This article contains some spoilers for Mission: Impossible – Dead Reckoning Part One in its discussion of how the movie reflects the crusade of Tom Cruise to save Hollywood.
In Mission: Impossible – Dead Reckoning Part One, only superspy Ethan Hunt can save the world and only superstar Tom Cruise can save Hollywood.
Despite the promise of scale and spectacle, the most important scenes in Dead Reckoning often involve the characters sitting around and talking. These sequences have the feeling of heightened theater, stock spy movie sequences layered with meaning and subtext that give them extra charge. One such sequence involves a number of interested individuals assembled at an exclusive party in Venice to bid over the MacGuffin — in this film a key — that drives so much of the movie’s plot.
The villain of Dead Reckoning is an artificial intelligence, an “algorithm” that has become “sentient” and has been named “the Entity.” This organism is a threat to the security of the world. It is able to infiltrate any network on the planet, to distort reality around it, and to manipulate human beings into serving its purpose. The festivity in Venice has been organized by the Entity itself. “In fact,” boasts the villainous Gabriel (Esai Morales), “you could say that this party is that interested party.”
Ethan Hunt (Cruise) has found himself in hostile territory, trapped in a bidding war with Gabriel for control of the key. The auction is being held by Alanna Mitsopolis (Vanessa Kirby), who has no real understanding of the power that she holds. She doesn’t know what the key unlocks. Ethan desperately tries to convince her to side with him, while Gabriel manipulates her with talk about the sophistication and unstoppable power of the algorithm.
This is a fairly standard spy movie sequence. There are plenty of similar scenes involving black market deals in the other Mission: Impossible movies, to the point that Alanna is the daughter of the arms dealer Max (Vanessa Redgrave) from the first film in the franchise. However, there’s also something deeper underpinning this sequence, which sits at the heart of the movie. There is a sense in which this scene feels particularly charged outside the narrative of the film.
French director Jacques Rivette once argued that “every film is a documentary of its own making,” and that is particularly true when it comes to Tom Cruise, a movie star who exerts a gravity on all of his projects. The boundaries between Cruise and his characters, particularly Hunt, tend to blur. Footage of Tom Cruise breaking his ankle made it into Mission: Impossible – Fallout as Ethan Hunt leaping across a building. As co-star Simon Pegg puts it, “Tom Cruise is Ethan Hunt.”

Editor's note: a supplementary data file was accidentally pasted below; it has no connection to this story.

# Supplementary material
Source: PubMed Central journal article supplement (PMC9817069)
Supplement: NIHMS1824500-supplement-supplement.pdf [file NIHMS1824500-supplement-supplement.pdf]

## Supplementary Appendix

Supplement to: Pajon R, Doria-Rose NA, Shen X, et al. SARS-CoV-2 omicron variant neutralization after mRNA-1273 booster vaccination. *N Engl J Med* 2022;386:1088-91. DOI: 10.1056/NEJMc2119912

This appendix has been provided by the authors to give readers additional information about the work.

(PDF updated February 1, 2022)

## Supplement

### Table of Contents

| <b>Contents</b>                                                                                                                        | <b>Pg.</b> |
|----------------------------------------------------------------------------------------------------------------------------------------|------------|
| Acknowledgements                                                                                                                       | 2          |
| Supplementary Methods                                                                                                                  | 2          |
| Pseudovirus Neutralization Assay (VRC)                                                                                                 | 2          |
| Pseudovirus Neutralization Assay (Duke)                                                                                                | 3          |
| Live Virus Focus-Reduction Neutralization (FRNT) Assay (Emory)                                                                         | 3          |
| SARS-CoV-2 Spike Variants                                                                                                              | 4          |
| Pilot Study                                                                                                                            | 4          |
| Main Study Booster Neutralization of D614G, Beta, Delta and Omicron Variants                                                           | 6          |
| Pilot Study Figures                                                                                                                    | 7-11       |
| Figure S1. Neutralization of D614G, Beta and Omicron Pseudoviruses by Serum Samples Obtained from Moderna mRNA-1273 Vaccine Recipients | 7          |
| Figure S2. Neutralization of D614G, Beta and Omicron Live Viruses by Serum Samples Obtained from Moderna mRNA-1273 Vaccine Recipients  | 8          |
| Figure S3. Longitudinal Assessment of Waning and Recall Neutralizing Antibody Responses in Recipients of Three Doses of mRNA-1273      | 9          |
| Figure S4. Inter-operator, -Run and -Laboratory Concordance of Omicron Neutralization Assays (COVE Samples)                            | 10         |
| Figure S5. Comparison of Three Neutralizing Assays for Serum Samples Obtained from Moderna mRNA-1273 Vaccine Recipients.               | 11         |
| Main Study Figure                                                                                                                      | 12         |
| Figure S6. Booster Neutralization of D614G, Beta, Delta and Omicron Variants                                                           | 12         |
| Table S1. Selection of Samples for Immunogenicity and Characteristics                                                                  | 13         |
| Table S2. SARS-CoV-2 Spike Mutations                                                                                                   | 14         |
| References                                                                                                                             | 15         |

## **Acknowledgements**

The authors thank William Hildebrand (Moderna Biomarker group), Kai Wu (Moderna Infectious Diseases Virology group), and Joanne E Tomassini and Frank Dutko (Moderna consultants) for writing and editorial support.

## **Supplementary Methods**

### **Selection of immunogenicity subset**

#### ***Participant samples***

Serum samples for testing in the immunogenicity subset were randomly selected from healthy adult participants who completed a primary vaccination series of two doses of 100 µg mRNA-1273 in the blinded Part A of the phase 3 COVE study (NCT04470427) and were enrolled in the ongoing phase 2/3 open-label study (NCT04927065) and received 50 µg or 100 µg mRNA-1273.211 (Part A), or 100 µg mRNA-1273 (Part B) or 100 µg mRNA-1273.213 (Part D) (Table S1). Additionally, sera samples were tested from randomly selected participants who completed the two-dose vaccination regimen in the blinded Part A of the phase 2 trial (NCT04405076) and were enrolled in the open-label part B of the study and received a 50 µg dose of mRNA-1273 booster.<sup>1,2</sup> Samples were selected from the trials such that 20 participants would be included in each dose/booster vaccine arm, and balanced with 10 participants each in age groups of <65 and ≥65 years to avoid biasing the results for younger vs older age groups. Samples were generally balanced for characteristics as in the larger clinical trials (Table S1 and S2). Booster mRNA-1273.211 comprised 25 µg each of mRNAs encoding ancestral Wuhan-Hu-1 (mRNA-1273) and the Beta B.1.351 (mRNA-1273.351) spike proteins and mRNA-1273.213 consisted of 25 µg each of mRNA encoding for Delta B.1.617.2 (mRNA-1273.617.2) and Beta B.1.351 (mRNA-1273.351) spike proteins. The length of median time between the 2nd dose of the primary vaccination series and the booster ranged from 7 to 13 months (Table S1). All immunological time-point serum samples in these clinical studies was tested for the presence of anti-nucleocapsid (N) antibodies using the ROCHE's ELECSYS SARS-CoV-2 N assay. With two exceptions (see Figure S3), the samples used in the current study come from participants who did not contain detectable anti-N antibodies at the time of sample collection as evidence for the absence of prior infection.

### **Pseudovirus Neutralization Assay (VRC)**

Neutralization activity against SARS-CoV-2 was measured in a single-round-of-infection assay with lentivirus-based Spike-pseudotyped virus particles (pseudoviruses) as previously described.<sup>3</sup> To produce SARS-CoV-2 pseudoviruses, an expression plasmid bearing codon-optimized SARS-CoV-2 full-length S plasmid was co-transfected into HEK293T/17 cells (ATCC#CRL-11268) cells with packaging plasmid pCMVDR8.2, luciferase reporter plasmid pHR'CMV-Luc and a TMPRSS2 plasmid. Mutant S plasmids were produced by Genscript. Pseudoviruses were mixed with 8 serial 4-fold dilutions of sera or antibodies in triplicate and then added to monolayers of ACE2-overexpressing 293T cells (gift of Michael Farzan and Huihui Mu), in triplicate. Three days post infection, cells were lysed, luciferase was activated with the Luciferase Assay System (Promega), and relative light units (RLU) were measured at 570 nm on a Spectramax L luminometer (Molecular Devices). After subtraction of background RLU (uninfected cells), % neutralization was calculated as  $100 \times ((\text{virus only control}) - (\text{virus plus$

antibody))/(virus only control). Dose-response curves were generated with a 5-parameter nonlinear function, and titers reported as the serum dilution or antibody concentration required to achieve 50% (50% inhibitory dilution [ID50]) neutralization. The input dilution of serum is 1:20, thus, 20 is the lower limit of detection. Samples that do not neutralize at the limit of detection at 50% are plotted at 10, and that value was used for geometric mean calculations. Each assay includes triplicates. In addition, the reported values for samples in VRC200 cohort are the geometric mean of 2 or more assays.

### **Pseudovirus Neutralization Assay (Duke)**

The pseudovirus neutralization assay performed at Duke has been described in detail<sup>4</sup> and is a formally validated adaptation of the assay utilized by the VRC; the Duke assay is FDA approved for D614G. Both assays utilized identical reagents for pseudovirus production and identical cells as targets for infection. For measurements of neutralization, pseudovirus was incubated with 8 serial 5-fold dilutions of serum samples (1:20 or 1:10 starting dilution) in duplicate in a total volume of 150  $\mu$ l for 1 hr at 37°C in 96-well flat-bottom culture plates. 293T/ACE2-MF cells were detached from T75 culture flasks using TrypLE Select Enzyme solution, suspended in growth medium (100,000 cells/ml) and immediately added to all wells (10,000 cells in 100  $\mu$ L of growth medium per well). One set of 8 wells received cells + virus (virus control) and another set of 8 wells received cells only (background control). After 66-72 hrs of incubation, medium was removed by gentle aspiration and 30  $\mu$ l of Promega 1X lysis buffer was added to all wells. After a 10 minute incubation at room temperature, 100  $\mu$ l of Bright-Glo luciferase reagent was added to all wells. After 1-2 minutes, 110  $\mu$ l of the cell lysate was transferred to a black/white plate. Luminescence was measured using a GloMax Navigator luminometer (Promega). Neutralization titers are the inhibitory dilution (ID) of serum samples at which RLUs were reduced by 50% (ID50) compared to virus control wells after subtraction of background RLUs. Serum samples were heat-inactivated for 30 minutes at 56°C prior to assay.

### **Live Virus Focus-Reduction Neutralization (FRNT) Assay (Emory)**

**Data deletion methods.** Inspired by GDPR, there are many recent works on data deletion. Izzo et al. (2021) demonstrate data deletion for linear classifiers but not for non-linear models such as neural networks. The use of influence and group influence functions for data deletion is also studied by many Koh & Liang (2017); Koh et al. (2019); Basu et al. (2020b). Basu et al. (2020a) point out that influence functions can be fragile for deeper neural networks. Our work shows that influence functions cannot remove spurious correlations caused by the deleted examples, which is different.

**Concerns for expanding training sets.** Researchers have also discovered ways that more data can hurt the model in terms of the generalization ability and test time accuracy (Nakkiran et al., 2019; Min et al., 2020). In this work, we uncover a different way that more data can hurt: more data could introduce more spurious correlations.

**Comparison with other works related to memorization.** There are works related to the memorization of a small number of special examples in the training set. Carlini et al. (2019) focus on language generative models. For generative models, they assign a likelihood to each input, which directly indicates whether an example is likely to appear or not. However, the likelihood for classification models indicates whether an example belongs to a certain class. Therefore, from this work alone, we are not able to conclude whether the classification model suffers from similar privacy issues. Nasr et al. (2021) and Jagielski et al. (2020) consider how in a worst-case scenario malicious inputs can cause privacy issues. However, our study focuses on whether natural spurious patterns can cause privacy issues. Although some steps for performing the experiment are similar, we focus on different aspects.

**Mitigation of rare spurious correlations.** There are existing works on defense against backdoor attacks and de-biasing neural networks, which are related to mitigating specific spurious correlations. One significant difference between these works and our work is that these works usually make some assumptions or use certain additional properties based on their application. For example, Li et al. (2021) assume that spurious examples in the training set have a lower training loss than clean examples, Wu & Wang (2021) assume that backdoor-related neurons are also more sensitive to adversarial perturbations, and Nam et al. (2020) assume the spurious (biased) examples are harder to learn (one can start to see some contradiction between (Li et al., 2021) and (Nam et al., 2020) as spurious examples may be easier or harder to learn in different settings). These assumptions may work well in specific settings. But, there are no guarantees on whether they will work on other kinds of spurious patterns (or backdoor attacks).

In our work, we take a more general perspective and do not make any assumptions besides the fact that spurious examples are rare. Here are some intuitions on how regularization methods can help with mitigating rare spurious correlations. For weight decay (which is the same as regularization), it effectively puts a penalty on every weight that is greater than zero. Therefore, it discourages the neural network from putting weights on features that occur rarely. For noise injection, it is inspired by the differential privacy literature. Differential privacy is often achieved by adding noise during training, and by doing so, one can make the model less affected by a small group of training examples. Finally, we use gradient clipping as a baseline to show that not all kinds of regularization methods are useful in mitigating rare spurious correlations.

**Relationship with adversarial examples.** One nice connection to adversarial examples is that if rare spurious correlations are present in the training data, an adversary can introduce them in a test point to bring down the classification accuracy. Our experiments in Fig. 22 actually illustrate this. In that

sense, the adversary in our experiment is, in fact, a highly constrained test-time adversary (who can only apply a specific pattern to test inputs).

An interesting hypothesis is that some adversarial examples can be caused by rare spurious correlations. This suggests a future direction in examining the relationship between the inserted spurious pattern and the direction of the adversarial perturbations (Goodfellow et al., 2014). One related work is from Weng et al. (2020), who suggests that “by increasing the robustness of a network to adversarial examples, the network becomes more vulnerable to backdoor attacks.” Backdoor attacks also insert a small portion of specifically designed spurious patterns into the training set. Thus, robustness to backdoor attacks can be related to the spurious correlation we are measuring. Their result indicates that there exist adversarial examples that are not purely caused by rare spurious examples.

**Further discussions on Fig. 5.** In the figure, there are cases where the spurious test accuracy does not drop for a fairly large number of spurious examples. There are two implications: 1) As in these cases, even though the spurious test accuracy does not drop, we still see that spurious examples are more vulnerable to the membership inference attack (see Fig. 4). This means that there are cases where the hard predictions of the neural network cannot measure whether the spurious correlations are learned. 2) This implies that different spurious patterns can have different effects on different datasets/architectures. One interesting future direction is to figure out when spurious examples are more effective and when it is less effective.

As such, that shadow auction recalls the news reports about the state of modern Hollywood, as the film industry struggles with the challenges of the streaming age. Dead Reckoning is fundamentally a story about technology run amok. As the Entity amasses power, the protagonists are forced to go increasingly “analog,” to hide from the future. CIA director Eugene Kittridge (Henry Czerny) sets up a headquarters with old film canisters and cathode-ray tubes to keep the Entity out.
The Entity threatens to completely destroy the established world order. Of course, this works as a metaphor for forces outside of the film industry. There are legitimate concerns about the destructive potential of artificial intelligence, which is rapidly evolving and growing. It will have profound implications on politics, economics, warfare, and social trust. These threats are articulated in an early briefing with Denlinger (Cary Elwes), the director of National Intelligence.
Dead Reckoning presents artificial intelligence as a demonic force. One analyst (Rob Delaney) describes it as “godless,” while Ilsa Faust (Rebecca Ferguson) refers to Gabriel as the organism’s “dark messiah.” While describing this antagonistic force as “the Entity” certainly has supernatural connotations, it is also identified as an “infernal machine.” The only hope of destroying it lies in a woman named Grace (Hayley Atwell) and a cruciform key, composed of two interlocking crucifixes. It is literally an unholy threat.
However, Dead Reckoning filters this through something that feels more finely attuned to Cruise’s status as a movie star. The Mission: Impossible films have always, to some extent, been about movie-making. These spies are obsessed with masks, stunts, and even constructed sets. They can often seem more like a stunt crew or a special effects team than a group of elite international spies. They love their theatrical reveals, while Hunt is a skilled practitioner of close-up magic.
So the threat that the Entity poses to Hunt and his team is often framed in ways that relate to movie-making and movie stardom. It erases Gabriel from security footage at Abu Dhabi Airport, with the only trace of him remaining in a tiny reflection. It taunts Hunt using a simulated copy of the voice of Benji Dunn (Pegg), a reminder of the threat that such machine learning-generated “deepfakes” pose to a profession that profits from controlling likeness rights.